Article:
(Offered as MUSI 225 and FAMS 375.) Jazz occupies a special role in the development of American film. From The Jazz Singer (1927), the first American film that included synchronized sound, to the sprawling Jazz: A Documentary by Ken Burns (2001), filmic representations of jazz speak to fundamental ways that Americans negotiate difference and imagine national identity. This course examines the relationship between jazz and American culture through three modalities: improvisation, narrativity, and representation. How might jazz improvisation influence the construction of film? Is there an "improvised film"? Moreover, jazz musicians often speak about "telling stories" through their music. How might this influence narrative structure in film and inform the ways that stories about jazz musicians are constructed in film? And how might these stories about jazz musicians reflect larger debates about race, gender, sexuality and nationality? Assignments will include guided viewing of several important jazz films, required reading, and a series of essays.
Limited to 20 students. Fall semester. Professor Robinson.2015-16: Not offered
Other years: Offered in Fall 2011
380 Cinema and the Avant-Garde
(Offered as ENGL 379 and FAMS 380.) Throughout its history artists and filmmakers have experimented radically with cinema, exploring the limits of the medium. This course traces the history of experimentation and its relation to broader avant-garde movements in the arts, such as Symbolism, Dada, Constructivism, Surrealism, Abstract Expressionism, Pop, and Minimalism. Many of the filmmakers and movements we will study set about creating a new type of film, as well as a new kind of film language, in an attempt to re-orient how individuals engage with art in their everyday lives. We will interrogate broad theoretical questions, such as: What is the avant-garde? What is the relation between cinema and different art movements? How are different revolutionary aesthetic practices tied to political projects? How are mainstream and avant-garde cinemas related? What can cinema do beyond providing representations and narratives? Besides theoretical and critical texts by Peter Bürger, Renato Poggioli, Annette Michelson and Michael Fried, we will examine manifestos and documents from the various movements, as well as historical studies. We will view films by artists such as Sergei Eisenstein, Dziga Vertov, Marcel Duchamp, Hans Richter, Jean Epstein, Luis Buñuel, Maya Deren, Andy Warhol, Tony Conrad, and Stan Brakhage. Two class meetings and one required screening per week.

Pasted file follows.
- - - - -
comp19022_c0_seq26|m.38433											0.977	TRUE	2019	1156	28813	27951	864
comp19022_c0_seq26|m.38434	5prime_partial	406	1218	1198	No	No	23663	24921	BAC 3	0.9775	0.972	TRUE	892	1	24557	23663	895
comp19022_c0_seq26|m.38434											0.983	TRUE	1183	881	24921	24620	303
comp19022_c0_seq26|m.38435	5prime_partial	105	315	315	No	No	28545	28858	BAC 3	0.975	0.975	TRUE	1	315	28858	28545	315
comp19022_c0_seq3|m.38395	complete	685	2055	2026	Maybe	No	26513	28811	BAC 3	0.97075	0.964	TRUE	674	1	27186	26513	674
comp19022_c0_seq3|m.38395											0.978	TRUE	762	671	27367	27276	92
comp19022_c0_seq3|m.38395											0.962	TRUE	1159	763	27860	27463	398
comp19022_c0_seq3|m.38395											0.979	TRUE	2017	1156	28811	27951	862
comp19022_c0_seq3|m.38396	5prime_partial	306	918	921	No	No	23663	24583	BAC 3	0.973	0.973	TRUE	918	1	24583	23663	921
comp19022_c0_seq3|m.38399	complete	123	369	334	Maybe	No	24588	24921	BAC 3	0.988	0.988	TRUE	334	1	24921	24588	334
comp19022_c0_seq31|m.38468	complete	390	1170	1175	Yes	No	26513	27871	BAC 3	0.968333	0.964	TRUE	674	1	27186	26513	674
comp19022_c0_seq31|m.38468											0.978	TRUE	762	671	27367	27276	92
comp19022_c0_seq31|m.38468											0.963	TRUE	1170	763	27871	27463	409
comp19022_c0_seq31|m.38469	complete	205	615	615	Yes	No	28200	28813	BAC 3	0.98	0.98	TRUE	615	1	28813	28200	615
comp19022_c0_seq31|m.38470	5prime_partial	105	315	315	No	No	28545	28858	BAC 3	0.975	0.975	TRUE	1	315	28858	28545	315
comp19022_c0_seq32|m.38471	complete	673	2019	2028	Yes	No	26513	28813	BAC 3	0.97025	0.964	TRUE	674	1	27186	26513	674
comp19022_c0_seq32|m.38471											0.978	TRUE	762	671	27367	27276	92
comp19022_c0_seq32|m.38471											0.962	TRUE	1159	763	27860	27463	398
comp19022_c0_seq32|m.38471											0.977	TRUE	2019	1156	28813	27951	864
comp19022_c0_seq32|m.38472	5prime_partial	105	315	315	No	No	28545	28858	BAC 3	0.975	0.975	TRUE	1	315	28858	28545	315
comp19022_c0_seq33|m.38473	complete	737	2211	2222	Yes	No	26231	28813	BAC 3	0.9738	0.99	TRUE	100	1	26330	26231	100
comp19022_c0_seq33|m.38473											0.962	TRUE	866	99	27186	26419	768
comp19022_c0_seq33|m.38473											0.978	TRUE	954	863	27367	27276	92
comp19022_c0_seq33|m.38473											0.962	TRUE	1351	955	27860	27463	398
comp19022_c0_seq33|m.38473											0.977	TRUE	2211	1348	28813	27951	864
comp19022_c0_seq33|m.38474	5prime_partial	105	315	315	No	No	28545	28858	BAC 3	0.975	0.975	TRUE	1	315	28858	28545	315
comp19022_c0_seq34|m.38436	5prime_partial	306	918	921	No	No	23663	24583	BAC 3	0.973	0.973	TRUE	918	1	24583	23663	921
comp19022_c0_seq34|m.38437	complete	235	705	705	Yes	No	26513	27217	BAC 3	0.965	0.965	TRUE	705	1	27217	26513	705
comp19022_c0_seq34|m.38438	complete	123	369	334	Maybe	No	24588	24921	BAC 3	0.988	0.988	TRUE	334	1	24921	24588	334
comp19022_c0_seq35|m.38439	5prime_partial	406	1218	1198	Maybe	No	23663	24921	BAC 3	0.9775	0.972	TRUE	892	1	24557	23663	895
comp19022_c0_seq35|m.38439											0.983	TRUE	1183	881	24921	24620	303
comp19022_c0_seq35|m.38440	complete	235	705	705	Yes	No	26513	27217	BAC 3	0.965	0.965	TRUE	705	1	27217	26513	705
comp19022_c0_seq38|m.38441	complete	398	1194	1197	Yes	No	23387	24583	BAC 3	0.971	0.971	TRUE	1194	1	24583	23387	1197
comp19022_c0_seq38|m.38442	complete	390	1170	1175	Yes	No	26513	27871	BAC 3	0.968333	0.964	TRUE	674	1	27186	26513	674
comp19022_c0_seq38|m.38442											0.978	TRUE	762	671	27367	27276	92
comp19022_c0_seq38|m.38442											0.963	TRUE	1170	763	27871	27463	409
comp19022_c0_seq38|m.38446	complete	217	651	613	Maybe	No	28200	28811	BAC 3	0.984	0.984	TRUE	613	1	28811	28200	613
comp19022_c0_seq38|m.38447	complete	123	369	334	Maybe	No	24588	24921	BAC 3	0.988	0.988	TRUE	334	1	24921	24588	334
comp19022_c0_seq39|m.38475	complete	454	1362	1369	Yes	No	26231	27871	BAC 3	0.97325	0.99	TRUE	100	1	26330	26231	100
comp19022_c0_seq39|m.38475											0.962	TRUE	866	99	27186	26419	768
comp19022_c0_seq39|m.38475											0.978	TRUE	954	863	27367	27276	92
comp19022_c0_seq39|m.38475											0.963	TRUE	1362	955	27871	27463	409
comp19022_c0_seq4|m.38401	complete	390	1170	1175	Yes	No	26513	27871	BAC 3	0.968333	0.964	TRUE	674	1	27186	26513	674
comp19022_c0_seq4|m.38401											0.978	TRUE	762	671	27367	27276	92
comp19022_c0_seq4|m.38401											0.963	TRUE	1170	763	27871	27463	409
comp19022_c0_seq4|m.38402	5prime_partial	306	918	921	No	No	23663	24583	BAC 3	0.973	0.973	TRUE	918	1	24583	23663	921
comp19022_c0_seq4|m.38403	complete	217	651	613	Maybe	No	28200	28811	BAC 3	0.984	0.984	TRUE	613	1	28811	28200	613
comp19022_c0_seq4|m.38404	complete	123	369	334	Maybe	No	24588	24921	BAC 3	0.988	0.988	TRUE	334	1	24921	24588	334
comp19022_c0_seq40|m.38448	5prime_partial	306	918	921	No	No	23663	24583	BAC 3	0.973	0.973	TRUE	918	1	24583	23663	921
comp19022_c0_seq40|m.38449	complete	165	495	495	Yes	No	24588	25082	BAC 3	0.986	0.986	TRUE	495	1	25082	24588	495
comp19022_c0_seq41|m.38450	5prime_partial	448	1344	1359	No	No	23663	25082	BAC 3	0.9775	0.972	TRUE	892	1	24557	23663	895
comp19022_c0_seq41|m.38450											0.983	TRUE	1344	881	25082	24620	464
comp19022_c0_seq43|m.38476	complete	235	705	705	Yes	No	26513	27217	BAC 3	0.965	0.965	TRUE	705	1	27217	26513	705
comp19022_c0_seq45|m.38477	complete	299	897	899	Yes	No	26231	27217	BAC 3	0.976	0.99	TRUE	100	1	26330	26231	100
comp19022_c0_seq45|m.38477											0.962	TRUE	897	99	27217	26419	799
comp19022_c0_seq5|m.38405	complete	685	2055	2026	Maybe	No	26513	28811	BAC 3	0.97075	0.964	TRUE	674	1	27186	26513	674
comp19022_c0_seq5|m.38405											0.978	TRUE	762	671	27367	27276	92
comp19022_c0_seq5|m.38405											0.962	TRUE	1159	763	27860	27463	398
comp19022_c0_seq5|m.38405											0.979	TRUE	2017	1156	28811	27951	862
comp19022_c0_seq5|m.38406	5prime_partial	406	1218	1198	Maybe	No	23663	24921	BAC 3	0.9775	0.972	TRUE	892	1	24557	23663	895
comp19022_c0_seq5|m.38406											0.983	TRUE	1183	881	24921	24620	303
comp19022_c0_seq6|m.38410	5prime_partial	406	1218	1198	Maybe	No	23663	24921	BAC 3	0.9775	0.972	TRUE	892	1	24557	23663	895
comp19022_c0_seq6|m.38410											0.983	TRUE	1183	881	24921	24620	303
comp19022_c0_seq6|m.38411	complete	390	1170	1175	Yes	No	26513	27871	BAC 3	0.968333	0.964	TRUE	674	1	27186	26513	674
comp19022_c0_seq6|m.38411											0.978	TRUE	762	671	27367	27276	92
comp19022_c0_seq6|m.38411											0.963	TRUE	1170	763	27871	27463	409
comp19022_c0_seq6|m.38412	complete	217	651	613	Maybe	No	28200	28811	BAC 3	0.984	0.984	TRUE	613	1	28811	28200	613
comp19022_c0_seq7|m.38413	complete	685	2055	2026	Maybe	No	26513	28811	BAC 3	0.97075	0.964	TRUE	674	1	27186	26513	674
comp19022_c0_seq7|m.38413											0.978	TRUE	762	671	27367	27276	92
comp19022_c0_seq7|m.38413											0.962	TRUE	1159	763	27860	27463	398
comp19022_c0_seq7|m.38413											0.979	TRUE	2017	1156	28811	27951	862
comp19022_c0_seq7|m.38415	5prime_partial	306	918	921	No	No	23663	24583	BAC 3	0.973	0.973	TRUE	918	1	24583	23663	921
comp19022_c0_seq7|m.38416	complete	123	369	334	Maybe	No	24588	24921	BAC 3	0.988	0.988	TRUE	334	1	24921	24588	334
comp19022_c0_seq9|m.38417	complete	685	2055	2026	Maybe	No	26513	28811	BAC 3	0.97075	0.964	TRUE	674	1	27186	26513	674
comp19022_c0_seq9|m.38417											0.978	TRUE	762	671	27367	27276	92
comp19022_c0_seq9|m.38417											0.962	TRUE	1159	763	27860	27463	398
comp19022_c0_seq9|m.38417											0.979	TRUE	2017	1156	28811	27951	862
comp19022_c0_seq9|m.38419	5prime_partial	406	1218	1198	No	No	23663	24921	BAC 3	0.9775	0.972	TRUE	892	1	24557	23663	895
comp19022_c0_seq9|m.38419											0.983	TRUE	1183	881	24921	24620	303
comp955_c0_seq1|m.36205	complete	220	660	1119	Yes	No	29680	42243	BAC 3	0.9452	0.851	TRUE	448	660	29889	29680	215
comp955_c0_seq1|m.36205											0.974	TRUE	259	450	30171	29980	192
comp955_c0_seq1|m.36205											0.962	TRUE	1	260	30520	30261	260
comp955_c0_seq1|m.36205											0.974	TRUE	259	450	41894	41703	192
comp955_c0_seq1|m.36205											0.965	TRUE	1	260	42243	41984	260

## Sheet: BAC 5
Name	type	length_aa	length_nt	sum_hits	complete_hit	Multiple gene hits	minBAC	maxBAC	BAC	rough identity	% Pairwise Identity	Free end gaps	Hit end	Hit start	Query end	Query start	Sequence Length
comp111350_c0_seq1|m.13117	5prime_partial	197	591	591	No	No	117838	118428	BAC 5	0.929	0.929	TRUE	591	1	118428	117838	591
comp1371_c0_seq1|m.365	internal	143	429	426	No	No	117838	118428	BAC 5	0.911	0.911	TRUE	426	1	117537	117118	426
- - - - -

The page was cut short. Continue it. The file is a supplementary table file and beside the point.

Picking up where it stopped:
Limited to 30 students. Fall semester. Visiting Professor Johnston.2015-16: Not offered
Other years: Offered in Fall 2011, Spring 2014
(Offered as ARHA 314 and FAMS 442.) How can cinema become a tool for reflection and inquiry? How do we express thought in cinema?